At least, that's the way it looks to me. I hope that helps!
(Note that this book is reviewed in the AMS Notices.)
Maria, that is a great question. I think I see exactly what you mean. There are parts of mathematics that clearly have an application (like computing your income taxes or landing a space ship on the moon) and other parts of math that seem more like puzzles serving no other purpose than the enjoyment of the mathematicians playing with them.
There are in fact many applications for Pascal's Triangle, because the numbers in its rows are the answers to two very practical types of questions. Before I get to that, however, I need to set up a sort of strange terminology. Let's say that the top of the triangle ("1") is the 0th row and that the next row ("1 1") is the 1st row and the next row ("1 2 1") is thesecond row and so on...since that will make it easier for me to explain. And similarly, let's call the 1 at the start of each row the "zeroeth" number in that row and the number after it the first number. So, according to this strange notation, the first number in the second row is 2...right? Okay. Now, I can show you an application of the triangle.
Suppose I have four socks (sock 1, sock 2, sock 3 and sock 4) in a drawer. If I reach in and without looking pick two socks, how many possibilities are there for which two socks I get? As you can see by counting all of the possibilities, there are SIX possible pairs because I could get 1&2, 1&3, 1&4, 2&3, 2&4, or 3&4...there are six of them. This is connected to the fact that the number in the second spot in the fourth row of the triangle is six!
In general, we can say that the number of ways of picking k objects out of a set of n objects is given by the number in the kth spot of the nth row of the triangle. This becomes more impressive when the numbers are larger and you cannot easily count all of the possibilities.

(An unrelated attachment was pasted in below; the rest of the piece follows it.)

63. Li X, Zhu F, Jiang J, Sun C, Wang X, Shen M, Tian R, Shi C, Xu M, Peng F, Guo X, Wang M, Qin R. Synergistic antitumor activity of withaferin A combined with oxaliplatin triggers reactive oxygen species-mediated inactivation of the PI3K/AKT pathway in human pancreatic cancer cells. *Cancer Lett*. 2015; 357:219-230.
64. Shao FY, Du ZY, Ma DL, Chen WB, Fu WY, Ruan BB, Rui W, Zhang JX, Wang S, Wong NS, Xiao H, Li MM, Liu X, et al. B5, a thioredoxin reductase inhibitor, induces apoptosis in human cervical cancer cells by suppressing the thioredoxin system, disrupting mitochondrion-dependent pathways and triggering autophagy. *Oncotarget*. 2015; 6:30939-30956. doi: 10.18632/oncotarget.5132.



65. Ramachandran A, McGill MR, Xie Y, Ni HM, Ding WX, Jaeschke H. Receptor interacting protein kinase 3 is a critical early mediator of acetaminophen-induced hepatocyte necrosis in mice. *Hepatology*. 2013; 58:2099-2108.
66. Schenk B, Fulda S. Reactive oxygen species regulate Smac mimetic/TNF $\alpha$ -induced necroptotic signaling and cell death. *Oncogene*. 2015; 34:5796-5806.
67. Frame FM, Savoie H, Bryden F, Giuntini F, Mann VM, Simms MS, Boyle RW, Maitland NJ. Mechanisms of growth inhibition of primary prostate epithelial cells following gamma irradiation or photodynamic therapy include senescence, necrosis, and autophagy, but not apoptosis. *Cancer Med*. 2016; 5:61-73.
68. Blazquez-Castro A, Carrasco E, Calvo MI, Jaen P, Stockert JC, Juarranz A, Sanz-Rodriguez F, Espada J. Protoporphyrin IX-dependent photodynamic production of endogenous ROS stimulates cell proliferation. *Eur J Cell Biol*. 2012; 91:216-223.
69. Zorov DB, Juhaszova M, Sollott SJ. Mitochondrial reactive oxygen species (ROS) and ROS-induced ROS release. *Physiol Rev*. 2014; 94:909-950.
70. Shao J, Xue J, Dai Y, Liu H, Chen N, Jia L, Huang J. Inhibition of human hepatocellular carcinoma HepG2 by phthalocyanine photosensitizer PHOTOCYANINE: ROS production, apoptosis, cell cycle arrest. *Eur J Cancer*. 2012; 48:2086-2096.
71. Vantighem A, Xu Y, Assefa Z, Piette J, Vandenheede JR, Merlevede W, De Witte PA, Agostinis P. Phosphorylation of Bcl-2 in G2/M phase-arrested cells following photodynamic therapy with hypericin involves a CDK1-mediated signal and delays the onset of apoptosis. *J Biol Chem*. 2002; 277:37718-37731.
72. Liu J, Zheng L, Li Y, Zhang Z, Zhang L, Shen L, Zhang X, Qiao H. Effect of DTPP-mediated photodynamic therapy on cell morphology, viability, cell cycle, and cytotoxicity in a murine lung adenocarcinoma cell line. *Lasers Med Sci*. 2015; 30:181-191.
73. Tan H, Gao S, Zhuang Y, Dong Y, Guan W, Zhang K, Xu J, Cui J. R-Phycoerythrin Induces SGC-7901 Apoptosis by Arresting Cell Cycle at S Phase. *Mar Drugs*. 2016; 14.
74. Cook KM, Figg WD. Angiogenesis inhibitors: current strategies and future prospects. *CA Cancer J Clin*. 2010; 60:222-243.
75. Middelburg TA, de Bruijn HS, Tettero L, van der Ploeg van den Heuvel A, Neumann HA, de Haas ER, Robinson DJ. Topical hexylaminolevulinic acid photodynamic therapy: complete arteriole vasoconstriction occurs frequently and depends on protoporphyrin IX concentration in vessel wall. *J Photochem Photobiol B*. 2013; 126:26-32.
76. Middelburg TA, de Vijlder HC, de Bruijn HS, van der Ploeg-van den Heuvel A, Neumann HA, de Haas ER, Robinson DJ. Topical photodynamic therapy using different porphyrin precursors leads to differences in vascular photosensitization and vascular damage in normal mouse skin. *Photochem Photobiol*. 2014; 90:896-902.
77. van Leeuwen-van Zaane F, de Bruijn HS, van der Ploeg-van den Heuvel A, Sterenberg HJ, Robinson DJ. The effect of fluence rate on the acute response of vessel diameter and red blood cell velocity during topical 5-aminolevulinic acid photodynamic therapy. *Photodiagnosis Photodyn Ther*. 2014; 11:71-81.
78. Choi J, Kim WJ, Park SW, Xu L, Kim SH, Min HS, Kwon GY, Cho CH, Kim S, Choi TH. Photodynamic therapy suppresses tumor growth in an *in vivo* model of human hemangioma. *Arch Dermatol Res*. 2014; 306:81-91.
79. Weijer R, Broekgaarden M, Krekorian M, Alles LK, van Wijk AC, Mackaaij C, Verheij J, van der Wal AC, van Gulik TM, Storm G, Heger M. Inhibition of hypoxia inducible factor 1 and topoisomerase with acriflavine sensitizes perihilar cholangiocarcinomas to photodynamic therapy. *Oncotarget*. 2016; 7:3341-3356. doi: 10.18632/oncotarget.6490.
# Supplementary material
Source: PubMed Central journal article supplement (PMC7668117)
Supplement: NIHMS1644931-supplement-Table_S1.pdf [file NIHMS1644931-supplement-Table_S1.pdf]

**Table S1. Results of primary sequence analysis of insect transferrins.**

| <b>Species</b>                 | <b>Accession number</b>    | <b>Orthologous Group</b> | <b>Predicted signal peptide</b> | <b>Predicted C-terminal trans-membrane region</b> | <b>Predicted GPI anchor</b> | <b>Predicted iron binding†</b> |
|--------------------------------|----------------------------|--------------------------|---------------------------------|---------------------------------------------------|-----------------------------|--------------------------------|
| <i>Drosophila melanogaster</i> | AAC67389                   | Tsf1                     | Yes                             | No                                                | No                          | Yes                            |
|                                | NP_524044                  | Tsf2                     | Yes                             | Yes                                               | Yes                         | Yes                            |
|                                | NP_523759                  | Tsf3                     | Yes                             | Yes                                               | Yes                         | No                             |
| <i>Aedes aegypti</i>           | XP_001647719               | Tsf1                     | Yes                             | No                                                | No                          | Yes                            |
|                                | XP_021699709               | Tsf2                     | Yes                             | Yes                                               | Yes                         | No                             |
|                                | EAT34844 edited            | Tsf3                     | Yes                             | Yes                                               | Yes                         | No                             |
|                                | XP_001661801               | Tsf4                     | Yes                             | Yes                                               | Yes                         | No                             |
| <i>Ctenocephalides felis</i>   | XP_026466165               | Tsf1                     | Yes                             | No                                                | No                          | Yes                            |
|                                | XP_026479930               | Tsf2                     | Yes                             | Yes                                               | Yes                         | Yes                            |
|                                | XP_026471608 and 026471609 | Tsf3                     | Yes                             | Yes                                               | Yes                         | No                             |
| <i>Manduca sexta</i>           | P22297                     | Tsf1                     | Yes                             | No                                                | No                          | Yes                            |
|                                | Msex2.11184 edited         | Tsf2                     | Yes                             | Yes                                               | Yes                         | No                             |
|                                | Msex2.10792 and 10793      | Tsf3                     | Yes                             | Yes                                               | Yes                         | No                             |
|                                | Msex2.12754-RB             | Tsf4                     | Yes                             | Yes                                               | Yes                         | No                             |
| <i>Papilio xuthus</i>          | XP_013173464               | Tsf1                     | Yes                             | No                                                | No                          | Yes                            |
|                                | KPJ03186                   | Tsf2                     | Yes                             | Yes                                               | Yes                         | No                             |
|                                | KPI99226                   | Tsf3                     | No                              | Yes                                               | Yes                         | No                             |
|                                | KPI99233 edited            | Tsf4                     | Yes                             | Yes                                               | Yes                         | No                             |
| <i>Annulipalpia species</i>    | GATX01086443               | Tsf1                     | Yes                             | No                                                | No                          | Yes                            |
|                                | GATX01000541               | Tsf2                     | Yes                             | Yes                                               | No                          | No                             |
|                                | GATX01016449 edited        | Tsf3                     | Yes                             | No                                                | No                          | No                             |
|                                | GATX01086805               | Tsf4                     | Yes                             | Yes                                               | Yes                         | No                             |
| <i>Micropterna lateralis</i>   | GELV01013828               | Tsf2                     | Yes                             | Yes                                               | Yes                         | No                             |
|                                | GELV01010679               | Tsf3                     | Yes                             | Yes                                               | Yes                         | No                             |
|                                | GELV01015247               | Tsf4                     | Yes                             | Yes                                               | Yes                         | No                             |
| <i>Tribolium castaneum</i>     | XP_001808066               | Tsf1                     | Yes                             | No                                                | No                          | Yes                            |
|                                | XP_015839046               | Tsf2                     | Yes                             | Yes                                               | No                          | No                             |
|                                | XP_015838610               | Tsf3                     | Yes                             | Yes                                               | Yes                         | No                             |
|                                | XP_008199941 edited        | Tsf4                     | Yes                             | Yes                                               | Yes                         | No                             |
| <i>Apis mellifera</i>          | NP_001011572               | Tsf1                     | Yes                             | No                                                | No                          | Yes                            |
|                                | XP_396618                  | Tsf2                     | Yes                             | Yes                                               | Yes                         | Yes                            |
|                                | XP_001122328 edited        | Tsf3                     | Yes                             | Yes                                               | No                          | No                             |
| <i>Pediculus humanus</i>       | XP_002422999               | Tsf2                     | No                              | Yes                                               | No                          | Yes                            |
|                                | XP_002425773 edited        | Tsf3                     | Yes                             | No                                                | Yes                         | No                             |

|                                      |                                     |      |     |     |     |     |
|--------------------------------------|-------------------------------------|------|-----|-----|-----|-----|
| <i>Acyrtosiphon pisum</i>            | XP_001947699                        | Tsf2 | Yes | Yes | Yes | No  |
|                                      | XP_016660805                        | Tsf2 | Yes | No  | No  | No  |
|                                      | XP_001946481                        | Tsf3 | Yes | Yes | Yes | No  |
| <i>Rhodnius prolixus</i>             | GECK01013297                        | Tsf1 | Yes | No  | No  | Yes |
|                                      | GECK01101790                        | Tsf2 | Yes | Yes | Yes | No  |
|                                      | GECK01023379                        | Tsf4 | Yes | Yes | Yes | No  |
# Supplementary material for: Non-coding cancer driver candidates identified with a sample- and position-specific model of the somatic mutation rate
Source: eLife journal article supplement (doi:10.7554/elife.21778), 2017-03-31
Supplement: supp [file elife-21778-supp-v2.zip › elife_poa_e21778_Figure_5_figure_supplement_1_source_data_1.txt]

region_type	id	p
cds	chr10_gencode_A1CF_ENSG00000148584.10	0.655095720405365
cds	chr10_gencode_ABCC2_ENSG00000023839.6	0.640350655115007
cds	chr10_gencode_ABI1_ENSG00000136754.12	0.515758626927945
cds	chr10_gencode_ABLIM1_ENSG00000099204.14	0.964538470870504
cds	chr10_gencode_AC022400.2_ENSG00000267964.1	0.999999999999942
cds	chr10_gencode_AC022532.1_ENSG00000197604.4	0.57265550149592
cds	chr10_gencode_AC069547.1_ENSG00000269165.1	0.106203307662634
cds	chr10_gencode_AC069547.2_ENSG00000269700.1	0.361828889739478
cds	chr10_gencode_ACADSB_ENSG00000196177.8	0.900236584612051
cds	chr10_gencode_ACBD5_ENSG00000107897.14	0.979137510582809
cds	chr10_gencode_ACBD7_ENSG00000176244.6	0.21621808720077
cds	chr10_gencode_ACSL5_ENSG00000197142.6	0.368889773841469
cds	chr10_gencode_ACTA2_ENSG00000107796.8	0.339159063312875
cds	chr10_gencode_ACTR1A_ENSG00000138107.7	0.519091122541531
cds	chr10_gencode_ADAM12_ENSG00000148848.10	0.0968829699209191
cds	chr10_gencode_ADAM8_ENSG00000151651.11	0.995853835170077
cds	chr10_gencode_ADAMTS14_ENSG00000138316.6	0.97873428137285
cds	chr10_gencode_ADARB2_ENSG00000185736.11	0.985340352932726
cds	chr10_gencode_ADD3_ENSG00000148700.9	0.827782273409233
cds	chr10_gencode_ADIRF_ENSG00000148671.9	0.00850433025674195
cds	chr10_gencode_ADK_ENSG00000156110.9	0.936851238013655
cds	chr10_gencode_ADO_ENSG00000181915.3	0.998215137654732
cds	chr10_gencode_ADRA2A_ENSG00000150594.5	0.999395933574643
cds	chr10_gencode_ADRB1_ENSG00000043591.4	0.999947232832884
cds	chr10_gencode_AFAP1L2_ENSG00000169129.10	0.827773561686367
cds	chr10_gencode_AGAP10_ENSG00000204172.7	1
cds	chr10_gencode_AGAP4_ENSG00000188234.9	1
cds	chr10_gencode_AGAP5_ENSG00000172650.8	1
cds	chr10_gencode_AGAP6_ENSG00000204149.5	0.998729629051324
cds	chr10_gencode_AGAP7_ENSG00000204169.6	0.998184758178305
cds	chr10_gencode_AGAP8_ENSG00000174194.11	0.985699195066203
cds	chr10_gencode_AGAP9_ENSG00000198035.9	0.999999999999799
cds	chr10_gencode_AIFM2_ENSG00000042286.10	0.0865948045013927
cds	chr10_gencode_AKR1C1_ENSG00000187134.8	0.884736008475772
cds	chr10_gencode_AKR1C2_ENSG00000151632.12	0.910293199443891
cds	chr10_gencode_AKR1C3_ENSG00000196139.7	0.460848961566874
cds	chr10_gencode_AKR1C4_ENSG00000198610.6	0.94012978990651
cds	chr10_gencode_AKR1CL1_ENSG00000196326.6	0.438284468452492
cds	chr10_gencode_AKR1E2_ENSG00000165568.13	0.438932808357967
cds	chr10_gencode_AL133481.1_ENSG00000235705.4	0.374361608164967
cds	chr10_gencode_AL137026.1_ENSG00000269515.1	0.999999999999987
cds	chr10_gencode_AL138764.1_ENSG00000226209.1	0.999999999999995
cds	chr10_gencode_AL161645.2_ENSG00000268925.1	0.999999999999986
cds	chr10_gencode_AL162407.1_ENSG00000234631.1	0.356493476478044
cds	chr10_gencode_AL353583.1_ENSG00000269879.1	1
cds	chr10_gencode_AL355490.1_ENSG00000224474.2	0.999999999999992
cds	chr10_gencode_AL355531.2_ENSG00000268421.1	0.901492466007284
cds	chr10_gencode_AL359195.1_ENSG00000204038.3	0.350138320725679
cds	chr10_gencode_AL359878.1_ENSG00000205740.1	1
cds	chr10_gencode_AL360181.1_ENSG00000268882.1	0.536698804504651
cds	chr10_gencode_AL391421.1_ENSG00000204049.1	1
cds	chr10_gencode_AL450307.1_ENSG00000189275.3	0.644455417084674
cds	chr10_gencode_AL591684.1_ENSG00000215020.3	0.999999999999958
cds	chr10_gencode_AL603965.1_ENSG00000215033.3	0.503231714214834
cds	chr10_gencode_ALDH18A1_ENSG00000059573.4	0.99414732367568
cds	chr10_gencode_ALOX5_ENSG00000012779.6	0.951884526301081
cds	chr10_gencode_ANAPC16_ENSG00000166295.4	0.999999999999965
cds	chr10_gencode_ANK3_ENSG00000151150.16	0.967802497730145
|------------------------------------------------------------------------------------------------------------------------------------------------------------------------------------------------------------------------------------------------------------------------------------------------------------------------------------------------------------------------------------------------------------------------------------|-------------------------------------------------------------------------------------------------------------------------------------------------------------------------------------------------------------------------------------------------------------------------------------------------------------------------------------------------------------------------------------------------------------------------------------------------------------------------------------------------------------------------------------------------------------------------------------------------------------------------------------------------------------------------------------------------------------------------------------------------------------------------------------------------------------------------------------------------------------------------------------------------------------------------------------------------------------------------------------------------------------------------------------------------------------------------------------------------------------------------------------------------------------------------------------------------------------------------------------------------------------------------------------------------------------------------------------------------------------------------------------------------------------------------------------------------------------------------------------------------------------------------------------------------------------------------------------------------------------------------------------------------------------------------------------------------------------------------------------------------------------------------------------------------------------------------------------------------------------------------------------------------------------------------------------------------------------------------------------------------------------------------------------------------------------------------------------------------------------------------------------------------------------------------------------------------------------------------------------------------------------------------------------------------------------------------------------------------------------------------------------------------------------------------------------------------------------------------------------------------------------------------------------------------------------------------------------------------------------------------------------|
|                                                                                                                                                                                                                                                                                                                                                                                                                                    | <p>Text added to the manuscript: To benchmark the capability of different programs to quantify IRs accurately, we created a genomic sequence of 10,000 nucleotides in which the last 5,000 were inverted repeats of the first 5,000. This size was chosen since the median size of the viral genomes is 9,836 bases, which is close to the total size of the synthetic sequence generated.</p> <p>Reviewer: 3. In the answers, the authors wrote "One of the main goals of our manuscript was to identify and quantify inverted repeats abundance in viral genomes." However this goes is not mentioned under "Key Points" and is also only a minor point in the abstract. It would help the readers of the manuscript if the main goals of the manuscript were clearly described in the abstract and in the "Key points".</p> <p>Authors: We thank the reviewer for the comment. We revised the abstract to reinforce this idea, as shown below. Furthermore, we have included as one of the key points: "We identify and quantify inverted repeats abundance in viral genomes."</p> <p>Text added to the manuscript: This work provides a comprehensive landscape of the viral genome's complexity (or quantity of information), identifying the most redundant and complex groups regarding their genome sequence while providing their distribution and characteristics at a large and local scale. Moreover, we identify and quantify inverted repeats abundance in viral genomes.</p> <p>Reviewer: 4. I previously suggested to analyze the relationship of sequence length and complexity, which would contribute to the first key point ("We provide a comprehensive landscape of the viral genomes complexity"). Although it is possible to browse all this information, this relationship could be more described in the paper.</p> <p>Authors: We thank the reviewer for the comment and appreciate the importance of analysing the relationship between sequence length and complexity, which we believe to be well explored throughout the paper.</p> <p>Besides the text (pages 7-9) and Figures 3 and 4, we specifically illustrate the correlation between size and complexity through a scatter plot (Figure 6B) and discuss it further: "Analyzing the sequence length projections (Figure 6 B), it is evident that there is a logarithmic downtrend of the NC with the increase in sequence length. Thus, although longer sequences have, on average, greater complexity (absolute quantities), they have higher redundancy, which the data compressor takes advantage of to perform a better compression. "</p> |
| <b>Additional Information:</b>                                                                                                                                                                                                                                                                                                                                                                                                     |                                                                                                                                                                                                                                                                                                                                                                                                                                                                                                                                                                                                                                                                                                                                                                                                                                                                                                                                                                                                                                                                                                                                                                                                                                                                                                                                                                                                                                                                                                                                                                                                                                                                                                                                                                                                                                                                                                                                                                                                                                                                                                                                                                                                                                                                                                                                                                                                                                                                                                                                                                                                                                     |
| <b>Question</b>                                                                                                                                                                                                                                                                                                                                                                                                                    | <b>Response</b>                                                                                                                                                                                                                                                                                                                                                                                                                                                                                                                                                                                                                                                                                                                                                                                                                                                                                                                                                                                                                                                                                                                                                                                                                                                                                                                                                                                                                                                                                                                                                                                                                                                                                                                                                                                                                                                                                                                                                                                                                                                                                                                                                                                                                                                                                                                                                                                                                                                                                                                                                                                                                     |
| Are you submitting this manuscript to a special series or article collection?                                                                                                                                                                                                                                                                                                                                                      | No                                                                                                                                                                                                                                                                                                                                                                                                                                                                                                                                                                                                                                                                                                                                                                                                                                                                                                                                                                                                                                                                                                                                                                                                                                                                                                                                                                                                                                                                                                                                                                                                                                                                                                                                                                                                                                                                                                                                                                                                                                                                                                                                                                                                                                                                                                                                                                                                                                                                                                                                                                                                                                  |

Suppose I have invited 20 guests to a party but only have enough seating for 10. How many different possibilities are there for the list of 10 people who get to sit? It would take too long to try to list all possible choices of 10 names of the 20 guests. Instead, we should use the triangle. The number of possible sets of 10 selected out of a larger set of 20 would be the number in the 10th spot in the 20th row of Pascal's Triangle: 184756.
This procedure is frequently needed by people computing probabilities. For instance: the odds of winning the lottery. If your lottery asks you to pick 5 numbers from 1 to 60, then your odds of getting the same 5 numbers as the ones that pop up on TV are 1 in 5461512 (that is, less than one in five million) because that is the number in the 5th spot of the 60th row of the table. It is because of this that Pascal's triangle can be described as having a similar significance as the famous "bell curve" that you have probably heard about. (See this other website for a more careful explanation of this idea.)
Another type of question that is answered by Pascal's Triangle has to do with algebra. Most algebra students know that (x+y)2=x2+2xy+y2. Note that the coefficients in this expansion are the same as the numbers in the second row of the triangle! More generally, you can read off the coefficients of (x+y)n from the nth row of the table. The fourth row is "1 4 6 4 1" which means that (x+y)4=x^4 + 4 x3y+6x2y2+4xy3+y4.